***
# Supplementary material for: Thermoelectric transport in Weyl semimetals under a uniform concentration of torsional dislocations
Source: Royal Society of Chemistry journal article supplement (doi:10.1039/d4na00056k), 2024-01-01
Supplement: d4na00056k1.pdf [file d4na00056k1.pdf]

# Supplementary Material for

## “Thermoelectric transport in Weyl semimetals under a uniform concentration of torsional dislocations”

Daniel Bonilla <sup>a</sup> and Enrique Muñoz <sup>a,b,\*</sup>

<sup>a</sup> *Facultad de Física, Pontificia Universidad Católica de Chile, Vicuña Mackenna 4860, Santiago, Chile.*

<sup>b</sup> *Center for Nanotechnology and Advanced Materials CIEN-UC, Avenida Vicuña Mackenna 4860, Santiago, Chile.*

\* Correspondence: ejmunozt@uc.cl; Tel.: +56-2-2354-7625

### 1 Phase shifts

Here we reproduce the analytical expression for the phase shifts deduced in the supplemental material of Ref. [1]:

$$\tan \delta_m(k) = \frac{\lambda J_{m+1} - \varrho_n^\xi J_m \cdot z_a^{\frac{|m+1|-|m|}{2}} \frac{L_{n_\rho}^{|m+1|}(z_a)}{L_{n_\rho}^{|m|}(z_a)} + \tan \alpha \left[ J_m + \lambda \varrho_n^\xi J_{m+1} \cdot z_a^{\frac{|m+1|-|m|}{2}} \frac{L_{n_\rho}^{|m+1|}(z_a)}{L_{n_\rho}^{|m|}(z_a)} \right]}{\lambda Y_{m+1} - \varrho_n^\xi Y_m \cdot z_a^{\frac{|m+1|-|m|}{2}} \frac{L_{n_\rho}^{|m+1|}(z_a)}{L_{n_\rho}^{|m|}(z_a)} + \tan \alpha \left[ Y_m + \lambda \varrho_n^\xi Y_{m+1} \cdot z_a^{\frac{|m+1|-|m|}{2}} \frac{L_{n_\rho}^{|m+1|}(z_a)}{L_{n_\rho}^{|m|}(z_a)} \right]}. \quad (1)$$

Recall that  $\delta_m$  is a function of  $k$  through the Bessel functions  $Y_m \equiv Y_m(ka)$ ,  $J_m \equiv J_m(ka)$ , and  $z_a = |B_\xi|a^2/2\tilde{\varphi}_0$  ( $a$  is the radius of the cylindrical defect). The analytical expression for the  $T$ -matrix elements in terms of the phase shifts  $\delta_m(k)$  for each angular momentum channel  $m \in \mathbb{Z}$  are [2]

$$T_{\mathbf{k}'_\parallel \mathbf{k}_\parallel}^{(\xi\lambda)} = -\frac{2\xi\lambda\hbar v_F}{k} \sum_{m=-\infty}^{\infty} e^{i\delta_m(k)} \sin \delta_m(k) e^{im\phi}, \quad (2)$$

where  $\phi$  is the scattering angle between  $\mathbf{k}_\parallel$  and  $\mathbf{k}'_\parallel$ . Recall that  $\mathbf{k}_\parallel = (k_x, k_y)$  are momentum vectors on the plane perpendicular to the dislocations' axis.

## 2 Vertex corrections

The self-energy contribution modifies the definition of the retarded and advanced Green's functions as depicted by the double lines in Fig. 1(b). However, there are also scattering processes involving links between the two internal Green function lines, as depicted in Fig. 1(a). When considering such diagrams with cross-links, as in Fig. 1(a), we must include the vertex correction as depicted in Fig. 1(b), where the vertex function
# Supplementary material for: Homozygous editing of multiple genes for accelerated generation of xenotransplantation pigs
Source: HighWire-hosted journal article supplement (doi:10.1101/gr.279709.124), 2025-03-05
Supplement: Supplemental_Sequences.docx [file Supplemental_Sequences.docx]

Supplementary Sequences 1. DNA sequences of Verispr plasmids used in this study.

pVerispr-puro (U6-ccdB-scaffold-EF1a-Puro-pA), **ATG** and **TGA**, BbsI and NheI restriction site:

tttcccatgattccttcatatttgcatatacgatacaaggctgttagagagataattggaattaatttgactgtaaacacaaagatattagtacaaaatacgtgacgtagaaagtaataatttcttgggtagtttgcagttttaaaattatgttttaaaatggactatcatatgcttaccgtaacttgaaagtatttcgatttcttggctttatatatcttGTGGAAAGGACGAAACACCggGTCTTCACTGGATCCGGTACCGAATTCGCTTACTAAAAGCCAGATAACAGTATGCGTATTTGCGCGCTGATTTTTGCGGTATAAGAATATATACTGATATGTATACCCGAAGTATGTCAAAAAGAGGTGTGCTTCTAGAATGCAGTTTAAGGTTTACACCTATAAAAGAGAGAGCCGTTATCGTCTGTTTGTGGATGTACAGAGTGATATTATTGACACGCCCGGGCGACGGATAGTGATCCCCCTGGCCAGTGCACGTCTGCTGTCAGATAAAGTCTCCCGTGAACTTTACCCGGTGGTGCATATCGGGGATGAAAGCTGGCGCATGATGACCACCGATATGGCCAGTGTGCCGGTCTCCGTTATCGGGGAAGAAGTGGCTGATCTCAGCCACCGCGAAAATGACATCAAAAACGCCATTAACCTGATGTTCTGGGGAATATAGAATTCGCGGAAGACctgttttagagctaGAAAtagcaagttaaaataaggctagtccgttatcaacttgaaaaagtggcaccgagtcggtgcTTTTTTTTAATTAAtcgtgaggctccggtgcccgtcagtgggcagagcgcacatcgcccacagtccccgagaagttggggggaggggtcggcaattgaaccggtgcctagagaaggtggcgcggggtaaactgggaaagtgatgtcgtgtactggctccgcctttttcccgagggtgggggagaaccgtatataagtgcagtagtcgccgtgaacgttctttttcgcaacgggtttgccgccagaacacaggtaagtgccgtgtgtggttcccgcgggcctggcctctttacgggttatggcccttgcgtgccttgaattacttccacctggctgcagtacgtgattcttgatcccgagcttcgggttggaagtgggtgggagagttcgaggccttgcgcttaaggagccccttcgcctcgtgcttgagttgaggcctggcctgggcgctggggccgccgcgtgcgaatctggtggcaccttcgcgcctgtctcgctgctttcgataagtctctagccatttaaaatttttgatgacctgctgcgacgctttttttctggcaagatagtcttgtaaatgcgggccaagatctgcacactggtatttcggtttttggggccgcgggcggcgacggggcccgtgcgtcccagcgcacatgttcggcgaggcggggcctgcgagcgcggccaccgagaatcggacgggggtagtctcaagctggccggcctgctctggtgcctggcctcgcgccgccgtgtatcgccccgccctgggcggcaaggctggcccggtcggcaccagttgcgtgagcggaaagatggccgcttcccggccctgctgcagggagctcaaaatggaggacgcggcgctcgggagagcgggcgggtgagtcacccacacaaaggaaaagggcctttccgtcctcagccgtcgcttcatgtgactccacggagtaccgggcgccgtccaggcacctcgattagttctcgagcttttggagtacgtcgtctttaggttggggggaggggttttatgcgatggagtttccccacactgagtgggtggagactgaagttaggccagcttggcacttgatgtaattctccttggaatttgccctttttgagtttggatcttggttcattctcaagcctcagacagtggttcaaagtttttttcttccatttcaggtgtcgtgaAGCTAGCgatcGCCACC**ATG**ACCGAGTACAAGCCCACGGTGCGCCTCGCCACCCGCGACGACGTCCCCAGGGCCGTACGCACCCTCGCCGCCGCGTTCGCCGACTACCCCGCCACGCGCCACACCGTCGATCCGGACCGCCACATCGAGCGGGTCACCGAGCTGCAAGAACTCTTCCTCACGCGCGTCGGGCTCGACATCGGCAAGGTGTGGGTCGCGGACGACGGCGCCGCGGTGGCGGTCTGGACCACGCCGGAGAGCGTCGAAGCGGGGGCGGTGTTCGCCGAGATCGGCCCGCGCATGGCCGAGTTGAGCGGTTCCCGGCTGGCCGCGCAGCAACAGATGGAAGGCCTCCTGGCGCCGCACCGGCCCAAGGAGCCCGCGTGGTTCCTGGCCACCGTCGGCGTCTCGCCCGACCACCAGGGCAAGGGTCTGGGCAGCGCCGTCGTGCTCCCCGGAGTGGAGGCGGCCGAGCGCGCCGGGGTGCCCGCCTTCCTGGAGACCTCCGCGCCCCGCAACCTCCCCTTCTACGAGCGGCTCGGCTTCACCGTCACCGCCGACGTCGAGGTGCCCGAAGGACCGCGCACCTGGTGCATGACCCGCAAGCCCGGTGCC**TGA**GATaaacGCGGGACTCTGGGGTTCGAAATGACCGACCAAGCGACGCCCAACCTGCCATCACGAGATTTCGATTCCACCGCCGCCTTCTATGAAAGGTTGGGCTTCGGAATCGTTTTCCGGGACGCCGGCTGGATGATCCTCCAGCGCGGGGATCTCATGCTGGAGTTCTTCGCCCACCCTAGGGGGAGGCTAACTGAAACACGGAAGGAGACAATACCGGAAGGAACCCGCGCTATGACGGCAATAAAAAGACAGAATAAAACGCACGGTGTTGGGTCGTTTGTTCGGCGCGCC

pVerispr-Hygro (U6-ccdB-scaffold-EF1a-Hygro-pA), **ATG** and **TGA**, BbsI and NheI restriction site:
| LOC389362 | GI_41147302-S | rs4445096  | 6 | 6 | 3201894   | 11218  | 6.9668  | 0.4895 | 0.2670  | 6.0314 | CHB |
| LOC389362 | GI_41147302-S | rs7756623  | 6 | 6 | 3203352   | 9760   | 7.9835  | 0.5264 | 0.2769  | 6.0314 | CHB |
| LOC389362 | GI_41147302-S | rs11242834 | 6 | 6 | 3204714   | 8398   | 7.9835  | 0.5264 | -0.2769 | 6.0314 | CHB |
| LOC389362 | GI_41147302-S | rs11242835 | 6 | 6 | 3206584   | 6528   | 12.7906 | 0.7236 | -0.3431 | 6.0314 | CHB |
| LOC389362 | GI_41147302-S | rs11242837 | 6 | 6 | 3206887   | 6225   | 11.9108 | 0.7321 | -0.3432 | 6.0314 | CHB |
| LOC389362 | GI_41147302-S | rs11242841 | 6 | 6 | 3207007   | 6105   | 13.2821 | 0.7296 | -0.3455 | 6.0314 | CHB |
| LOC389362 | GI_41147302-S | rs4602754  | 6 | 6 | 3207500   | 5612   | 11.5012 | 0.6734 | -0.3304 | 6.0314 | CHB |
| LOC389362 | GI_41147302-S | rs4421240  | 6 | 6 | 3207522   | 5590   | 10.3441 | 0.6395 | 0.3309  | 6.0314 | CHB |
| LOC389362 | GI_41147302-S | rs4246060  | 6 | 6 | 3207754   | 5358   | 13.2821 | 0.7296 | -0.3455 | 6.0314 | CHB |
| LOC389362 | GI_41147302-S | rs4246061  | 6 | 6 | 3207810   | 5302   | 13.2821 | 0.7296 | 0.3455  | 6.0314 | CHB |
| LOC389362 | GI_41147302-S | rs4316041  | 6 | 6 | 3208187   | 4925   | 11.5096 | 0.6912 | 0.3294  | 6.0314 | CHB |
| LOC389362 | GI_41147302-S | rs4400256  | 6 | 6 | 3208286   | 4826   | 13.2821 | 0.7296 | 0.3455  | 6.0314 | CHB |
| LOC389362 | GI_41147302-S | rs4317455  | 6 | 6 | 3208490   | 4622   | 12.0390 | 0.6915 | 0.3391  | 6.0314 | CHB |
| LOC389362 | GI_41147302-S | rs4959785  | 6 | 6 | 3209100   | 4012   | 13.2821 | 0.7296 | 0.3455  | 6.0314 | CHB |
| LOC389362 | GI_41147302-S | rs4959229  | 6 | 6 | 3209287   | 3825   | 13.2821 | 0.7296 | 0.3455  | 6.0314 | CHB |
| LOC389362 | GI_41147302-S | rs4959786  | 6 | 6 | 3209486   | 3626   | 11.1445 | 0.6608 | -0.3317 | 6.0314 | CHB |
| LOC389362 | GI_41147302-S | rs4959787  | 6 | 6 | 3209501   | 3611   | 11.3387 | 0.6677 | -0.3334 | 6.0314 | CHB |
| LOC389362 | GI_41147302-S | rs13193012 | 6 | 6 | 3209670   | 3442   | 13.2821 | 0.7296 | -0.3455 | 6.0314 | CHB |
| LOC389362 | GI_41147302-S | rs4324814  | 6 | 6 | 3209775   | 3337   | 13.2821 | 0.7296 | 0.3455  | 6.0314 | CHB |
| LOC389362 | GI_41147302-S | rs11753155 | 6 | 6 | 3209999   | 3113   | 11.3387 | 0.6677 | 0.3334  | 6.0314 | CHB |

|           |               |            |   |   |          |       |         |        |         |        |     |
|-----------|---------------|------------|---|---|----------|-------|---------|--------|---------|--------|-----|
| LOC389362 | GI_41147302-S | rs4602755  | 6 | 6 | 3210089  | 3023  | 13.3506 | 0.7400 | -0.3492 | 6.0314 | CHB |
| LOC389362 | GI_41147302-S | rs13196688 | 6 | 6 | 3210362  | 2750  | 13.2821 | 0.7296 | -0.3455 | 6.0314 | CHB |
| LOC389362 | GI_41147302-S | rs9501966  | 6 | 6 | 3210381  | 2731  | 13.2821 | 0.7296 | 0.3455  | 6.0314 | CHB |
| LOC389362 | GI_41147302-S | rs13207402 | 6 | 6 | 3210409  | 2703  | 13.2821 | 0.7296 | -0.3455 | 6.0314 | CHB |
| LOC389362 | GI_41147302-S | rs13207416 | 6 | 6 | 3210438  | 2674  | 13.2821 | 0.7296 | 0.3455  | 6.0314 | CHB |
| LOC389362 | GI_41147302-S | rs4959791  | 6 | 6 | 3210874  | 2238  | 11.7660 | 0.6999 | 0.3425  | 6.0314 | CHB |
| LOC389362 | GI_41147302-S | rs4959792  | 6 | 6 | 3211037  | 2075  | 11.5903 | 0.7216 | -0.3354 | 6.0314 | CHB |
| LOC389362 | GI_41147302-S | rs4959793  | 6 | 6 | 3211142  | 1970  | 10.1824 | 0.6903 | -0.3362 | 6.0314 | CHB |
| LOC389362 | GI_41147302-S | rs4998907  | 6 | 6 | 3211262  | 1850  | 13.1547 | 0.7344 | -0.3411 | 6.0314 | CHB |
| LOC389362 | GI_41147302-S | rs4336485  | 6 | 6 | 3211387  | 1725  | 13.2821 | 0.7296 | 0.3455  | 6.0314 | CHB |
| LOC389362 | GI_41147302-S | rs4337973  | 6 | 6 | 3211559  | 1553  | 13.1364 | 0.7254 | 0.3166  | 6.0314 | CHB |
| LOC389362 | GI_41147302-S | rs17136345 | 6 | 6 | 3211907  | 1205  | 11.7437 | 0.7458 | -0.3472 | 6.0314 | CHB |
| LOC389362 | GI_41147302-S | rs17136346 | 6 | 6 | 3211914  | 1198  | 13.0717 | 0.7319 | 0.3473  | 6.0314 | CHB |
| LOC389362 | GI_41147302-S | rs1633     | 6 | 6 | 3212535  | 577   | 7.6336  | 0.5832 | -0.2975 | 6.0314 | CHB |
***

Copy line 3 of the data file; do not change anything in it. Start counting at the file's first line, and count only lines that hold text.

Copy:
Supplement: d4na00056k1.pdf [file d4na00056k1.pdf]